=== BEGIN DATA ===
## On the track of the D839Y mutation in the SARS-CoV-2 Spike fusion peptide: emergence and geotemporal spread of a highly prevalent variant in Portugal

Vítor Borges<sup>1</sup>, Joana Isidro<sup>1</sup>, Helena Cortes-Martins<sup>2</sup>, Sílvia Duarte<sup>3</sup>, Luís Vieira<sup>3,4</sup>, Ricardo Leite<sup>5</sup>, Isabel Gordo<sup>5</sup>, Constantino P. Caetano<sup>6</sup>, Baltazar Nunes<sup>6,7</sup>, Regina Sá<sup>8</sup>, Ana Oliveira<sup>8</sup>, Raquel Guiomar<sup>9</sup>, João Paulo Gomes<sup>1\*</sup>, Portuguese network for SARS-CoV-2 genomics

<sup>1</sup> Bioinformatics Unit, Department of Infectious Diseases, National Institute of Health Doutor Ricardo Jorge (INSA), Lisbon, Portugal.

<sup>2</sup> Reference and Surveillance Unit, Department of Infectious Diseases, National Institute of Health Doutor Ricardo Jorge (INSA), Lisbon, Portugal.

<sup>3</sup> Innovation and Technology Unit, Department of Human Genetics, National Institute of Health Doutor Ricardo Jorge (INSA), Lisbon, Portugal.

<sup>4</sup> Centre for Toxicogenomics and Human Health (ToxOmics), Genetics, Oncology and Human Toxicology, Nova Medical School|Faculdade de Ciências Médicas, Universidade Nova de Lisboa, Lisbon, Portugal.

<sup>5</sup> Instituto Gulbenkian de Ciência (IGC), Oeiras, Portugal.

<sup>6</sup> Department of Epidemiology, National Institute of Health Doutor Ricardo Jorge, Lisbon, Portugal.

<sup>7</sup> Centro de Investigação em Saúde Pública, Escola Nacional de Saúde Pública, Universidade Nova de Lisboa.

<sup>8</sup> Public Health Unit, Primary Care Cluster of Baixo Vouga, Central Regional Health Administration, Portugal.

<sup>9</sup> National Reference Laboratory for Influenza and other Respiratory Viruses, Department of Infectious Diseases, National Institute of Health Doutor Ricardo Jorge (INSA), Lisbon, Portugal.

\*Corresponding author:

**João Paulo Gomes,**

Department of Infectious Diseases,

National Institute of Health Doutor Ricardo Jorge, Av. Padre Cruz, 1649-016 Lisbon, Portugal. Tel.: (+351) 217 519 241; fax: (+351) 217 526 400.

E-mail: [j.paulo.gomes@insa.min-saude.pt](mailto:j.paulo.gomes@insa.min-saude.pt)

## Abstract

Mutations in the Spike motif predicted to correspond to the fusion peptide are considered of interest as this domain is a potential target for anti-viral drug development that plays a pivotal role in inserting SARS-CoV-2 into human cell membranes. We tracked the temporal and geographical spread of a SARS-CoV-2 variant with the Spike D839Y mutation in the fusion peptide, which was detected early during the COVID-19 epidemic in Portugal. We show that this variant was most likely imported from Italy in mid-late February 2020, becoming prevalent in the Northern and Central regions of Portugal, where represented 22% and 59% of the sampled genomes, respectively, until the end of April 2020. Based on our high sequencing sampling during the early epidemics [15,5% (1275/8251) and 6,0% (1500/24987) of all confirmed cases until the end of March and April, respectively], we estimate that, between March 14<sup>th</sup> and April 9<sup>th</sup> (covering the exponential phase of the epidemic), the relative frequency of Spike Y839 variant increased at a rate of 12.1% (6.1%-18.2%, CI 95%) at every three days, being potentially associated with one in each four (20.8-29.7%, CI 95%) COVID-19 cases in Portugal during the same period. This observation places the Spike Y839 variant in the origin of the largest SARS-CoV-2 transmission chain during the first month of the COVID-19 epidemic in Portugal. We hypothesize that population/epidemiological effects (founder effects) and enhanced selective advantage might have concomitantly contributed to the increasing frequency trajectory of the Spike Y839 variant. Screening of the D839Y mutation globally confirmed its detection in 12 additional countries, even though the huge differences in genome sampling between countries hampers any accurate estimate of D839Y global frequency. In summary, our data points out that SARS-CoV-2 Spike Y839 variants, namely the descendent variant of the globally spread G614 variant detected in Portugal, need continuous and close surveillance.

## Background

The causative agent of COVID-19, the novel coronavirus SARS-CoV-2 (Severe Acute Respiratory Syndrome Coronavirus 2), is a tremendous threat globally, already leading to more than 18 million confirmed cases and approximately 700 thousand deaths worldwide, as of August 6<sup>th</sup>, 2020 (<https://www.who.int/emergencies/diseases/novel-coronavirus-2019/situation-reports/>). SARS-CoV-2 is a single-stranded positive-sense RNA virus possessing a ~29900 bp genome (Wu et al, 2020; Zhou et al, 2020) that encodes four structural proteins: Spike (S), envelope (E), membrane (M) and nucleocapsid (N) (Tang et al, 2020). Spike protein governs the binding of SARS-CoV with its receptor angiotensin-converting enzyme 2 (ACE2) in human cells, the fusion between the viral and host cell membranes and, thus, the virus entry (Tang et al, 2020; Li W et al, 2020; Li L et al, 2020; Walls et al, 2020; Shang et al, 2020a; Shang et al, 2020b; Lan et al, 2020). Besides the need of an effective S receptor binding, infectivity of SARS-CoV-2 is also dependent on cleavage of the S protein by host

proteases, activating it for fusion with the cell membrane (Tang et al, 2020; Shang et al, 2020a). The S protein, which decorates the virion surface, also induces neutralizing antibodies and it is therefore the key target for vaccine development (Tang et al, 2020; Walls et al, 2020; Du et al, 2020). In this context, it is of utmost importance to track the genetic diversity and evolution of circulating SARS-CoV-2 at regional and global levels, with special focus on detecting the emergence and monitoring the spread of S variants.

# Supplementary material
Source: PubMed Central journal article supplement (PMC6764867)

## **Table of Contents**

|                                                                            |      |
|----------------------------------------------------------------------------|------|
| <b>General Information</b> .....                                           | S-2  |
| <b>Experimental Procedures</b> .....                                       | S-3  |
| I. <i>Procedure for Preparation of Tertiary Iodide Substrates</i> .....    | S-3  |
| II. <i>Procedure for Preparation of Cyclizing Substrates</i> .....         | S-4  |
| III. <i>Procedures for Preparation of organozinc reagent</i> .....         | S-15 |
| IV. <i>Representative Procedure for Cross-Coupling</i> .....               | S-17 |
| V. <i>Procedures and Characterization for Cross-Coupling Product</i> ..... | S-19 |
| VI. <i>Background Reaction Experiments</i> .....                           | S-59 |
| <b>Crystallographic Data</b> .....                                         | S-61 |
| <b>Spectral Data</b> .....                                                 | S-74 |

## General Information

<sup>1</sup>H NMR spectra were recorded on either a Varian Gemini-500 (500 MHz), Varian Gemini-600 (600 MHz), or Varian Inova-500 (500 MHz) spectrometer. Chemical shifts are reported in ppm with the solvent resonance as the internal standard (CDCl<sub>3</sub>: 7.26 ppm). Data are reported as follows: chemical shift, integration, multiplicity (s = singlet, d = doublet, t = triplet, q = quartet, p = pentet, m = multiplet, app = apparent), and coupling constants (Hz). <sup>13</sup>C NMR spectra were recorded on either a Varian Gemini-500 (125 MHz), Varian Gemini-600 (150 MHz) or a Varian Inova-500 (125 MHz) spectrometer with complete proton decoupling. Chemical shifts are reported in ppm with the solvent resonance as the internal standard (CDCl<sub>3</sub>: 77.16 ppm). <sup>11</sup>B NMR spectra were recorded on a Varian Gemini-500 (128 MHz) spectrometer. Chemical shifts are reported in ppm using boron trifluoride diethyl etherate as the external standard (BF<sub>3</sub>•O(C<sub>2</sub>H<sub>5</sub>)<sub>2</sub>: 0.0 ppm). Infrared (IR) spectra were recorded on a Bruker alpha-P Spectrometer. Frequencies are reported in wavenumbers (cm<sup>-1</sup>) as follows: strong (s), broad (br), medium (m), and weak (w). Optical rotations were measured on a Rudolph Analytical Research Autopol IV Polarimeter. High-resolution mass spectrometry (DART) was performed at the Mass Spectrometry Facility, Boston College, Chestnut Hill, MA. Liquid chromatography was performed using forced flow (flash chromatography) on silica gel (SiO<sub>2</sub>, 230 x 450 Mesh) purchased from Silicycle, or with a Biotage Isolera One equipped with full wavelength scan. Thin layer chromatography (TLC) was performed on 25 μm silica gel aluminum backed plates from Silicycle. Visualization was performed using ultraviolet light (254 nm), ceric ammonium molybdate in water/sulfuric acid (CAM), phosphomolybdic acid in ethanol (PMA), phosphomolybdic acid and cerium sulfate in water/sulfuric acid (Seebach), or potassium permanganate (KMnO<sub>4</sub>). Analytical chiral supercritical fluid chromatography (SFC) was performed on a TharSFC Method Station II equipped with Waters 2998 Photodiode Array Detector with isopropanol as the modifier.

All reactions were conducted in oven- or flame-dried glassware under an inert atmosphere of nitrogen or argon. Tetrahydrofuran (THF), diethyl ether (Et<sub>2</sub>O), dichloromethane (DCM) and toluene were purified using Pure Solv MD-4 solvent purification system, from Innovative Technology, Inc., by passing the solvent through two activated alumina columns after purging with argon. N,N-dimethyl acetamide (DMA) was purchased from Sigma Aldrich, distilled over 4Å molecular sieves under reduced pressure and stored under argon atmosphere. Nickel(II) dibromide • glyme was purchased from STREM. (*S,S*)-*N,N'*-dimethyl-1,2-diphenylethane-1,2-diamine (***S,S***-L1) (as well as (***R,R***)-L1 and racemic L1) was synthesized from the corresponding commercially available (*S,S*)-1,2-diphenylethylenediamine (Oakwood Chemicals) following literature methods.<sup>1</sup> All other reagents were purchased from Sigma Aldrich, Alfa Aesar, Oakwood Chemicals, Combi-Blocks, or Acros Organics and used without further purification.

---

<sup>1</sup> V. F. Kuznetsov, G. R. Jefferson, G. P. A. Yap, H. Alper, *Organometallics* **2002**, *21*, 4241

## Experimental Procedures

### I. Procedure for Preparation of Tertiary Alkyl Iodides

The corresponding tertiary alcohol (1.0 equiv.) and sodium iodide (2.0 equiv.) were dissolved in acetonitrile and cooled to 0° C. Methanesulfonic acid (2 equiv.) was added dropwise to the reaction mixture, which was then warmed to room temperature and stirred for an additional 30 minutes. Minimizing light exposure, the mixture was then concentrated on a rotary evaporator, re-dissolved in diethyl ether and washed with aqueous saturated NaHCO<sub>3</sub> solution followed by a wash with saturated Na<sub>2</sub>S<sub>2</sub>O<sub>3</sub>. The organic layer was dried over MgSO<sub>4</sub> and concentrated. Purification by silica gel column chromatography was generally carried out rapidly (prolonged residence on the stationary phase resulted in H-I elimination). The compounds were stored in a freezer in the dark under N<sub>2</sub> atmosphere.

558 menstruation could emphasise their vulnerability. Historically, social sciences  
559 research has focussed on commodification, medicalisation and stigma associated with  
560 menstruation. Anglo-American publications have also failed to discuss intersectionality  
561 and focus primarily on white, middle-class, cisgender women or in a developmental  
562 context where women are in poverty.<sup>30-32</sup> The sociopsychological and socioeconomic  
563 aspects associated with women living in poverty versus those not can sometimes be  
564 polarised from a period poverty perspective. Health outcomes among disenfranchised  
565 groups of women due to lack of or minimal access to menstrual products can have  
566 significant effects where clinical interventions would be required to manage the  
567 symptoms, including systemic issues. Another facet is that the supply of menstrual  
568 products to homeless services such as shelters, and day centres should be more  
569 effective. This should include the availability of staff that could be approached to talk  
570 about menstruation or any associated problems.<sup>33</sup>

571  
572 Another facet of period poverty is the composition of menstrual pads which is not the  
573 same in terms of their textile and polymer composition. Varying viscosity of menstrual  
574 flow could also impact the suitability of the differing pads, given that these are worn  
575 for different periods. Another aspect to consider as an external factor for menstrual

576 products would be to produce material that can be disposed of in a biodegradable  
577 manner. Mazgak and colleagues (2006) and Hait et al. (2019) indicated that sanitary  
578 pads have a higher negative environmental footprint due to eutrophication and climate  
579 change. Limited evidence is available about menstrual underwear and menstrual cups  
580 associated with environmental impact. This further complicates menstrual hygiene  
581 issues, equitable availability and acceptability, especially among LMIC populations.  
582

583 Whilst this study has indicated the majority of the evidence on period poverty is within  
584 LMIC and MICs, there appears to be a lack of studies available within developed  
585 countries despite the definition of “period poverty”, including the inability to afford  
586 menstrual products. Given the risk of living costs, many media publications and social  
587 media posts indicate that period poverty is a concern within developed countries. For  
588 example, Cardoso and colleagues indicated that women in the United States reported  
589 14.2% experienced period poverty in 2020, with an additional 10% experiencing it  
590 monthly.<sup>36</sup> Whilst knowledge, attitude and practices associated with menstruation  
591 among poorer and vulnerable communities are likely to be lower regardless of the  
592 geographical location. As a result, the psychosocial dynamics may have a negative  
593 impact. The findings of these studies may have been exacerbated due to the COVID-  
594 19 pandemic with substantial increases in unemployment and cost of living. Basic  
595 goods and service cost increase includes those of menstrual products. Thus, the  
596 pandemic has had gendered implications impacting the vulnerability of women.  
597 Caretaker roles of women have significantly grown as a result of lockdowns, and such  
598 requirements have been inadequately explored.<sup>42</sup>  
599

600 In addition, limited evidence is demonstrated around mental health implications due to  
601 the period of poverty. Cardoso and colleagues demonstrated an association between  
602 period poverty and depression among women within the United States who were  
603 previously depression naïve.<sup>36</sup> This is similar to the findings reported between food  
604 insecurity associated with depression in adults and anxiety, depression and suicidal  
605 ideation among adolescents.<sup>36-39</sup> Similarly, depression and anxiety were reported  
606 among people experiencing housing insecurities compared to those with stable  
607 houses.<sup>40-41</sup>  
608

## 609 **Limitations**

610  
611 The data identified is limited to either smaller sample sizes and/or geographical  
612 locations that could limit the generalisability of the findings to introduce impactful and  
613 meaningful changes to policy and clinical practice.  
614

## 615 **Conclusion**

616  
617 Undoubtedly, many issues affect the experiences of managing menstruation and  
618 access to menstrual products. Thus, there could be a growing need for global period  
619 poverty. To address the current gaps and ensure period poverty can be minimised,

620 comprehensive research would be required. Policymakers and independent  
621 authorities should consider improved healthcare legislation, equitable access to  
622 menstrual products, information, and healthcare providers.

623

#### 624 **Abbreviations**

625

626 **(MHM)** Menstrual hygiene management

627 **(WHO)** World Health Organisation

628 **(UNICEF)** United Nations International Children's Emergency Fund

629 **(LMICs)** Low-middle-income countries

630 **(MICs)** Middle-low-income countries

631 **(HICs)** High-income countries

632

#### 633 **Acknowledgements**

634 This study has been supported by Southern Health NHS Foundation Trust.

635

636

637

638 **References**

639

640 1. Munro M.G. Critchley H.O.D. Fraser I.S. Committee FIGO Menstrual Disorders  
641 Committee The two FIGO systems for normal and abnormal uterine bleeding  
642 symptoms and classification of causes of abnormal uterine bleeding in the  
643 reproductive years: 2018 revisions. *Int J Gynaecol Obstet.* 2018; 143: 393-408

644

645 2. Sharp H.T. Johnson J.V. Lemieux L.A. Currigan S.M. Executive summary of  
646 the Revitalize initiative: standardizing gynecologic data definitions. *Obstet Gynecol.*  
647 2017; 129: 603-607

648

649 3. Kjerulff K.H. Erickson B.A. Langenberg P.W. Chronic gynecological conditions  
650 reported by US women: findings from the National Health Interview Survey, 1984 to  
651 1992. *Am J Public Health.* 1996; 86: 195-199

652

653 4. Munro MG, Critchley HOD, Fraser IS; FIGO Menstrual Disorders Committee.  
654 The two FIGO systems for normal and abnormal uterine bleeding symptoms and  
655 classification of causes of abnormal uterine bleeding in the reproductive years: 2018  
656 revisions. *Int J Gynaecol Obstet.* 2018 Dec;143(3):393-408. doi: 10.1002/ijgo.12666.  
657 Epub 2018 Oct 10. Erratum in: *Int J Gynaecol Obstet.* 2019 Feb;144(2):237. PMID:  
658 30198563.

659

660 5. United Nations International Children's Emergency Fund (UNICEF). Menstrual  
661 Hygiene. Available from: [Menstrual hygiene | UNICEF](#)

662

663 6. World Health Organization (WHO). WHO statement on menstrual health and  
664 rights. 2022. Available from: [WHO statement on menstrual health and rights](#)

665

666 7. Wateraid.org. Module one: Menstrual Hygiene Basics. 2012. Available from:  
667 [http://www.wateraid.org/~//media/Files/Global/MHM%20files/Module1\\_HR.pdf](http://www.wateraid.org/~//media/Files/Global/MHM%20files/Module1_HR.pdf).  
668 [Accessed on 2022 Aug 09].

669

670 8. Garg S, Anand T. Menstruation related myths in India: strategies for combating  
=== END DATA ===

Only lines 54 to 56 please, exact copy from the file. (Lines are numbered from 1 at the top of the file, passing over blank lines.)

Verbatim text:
567 symptoms, including systemic issues. Another facet is that the supply of menstrual  
568 products to homeless services such as shelters, and day centres should be more  
569 effective. This should include the availability of staff that could be approached to talk  